Gerstenblith, who has followed this dispute closely, also questions Lukacs’s involvement. “When I thought it was one piece, I thought maybe the sister-in-law could have smuggled this one drawing in her purse,” she says, referring to an earlier, separate case from 2005 that involved Grünbaum’s heirs, a private collector, and Schiele’s Seated Woman With Bent Left Leg (Torso). But as more and more Schieles from Grünbaum’s collection have been discovered, and more lawsuits filed, she’s reconsidered her stance. “Now that I know we’re talking about 10 to 15 pieces, I don’t know how she’d get them out of Austria.”

In 2017, Kornfeld admitted that Cornelius Gurlitt, the son of Hitler’s personal art curator, had become an important client after the war. He had sold art on Gurlitt’s behalf and even visited Gurlitt’s apartment. There he would have seen the vast collection of art that Gurlitt had inherited from his father, who specialized in confiscating pieces by artists that the Nazis deemed degenerate — artists like Schiele. In 2012, German customs officials found more than 1,500 works in Gurlitt’s apartment. From whom might Kornfeld have bought Russian War Prisoner if not Lukacs? Bogdanos points to Gurlitt.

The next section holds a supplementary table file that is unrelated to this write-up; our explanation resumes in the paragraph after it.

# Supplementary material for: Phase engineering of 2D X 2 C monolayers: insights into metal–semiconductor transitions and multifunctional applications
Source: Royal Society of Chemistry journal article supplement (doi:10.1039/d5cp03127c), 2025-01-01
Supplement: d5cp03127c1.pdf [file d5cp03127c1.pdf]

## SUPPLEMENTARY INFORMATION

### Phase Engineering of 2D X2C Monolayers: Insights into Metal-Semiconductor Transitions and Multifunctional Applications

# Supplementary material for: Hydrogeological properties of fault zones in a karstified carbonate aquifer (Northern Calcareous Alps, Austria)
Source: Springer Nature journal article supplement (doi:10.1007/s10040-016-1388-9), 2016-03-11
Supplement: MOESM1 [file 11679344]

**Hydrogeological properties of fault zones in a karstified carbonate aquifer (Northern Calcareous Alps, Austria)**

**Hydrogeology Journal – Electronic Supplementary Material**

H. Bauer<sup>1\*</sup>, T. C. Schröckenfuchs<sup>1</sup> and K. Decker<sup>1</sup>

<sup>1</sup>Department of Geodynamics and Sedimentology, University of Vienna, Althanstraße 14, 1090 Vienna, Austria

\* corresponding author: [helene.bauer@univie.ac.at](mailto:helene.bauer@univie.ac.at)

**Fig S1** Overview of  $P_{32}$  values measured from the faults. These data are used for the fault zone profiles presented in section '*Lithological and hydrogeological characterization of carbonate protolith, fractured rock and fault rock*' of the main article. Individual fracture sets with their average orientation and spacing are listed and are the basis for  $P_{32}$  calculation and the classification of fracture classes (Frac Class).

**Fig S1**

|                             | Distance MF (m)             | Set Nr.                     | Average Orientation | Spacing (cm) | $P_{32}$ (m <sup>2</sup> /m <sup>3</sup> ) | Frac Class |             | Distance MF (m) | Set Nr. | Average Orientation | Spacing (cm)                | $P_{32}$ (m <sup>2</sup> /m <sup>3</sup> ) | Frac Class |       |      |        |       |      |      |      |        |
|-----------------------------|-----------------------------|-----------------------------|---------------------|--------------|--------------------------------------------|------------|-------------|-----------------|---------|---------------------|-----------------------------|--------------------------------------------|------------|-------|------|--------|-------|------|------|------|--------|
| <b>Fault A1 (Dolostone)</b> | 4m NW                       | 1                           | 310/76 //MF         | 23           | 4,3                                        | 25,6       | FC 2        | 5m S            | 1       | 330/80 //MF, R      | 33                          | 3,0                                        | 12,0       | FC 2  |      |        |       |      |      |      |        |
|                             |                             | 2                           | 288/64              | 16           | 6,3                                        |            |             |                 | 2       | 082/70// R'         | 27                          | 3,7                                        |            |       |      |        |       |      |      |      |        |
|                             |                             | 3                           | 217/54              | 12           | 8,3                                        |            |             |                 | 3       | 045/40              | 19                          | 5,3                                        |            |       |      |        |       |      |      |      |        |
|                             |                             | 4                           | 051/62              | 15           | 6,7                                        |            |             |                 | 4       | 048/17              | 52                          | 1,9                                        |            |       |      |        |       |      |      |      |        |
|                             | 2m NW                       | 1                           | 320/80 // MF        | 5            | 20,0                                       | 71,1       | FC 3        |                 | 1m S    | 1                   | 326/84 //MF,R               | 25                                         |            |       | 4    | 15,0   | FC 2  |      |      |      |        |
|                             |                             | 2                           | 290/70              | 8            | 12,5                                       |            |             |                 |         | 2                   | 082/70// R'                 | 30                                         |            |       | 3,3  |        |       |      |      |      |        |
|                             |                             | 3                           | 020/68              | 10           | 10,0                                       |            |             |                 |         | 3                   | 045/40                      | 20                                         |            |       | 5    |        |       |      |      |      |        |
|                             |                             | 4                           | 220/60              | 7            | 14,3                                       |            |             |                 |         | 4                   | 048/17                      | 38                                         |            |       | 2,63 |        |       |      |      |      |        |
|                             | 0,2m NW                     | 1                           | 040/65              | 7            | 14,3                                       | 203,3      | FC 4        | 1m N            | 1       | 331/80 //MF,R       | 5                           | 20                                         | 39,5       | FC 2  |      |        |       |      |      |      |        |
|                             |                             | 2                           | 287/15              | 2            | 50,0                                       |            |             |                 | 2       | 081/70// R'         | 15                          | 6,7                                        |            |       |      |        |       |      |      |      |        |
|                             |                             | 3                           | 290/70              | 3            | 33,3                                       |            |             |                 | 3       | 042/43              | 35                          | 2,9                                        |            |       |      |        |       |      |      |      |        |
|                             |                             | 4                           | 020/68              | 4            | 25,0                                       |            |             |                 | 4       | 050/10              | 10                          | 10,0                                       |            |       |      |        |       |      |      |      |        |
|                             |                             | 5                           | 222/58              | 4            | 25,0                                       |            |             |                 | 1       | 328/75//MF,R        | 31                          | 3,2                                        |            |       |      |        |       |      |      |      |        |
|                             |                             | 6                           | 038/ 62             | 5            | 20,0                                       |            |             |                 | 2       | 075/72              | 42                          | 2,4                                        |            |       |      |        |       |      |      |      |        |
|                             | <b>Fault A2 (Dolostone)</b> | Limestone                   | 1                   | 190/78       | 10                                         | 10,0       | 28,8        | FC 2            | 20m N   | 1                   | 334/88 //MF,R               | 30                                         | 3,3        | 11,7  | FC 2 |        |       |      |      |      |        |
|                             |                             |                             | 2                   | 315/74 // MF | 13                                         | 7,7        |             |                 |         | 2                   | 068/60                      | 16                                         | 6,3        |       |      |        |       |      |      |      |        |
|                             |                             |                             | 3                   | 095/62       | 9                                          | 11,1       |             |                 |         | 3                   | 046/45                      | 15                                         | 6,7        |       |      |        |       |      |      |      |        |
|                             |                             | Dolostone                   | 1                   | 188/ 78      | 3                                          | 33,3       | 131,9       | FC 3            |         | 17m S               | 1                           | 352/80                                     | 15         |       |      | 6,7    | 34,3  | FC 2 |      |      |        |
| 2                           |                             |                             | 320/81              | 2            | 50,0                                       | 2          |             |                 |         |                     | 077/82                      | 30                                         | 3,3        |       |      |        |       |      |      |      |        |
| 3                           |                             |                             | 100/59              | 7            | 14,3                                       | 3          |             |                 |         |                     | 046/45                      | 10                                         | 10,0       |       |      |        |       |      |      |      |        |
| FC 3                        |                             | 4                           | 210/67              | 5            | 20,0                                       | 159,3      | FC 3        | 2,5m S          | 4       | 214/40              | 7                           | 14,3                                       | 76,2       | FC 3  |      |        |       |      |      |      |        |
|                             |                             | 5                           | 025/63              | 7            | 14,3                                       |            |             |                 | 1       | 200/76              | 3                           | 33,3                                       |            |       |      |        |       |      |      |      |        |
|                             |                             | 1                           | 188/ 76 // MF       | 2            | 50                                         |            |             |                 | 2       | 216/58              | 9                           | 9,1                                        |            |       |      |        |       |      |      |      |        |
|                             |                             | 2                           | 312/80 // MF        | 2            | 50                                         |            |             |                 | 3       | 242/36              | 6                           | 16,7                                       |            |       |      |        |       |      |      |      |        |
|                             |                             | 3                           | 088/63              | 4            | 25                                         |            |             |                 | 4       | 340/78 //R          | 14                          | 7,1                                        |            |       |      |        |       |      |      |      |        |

Grünbaum’s family also alleges that Kallir knew when he purchased the Schieles from Kornfeld that they had belonged to Grünbaum, citing the 1928 exhibition for which Grünbaum had lent Kallir Russian War Prisoner. “Of all the people connected to this case across decades and continents, one person beyond all others knew that the Russian War Prisoner displayed in Galerie St. Etienne [Kallir’s gallery] in New York in 1957 was the same Russian War Prisoner that had once belonged to Fritz Grünbaum,” Bogdanos writes in his filing.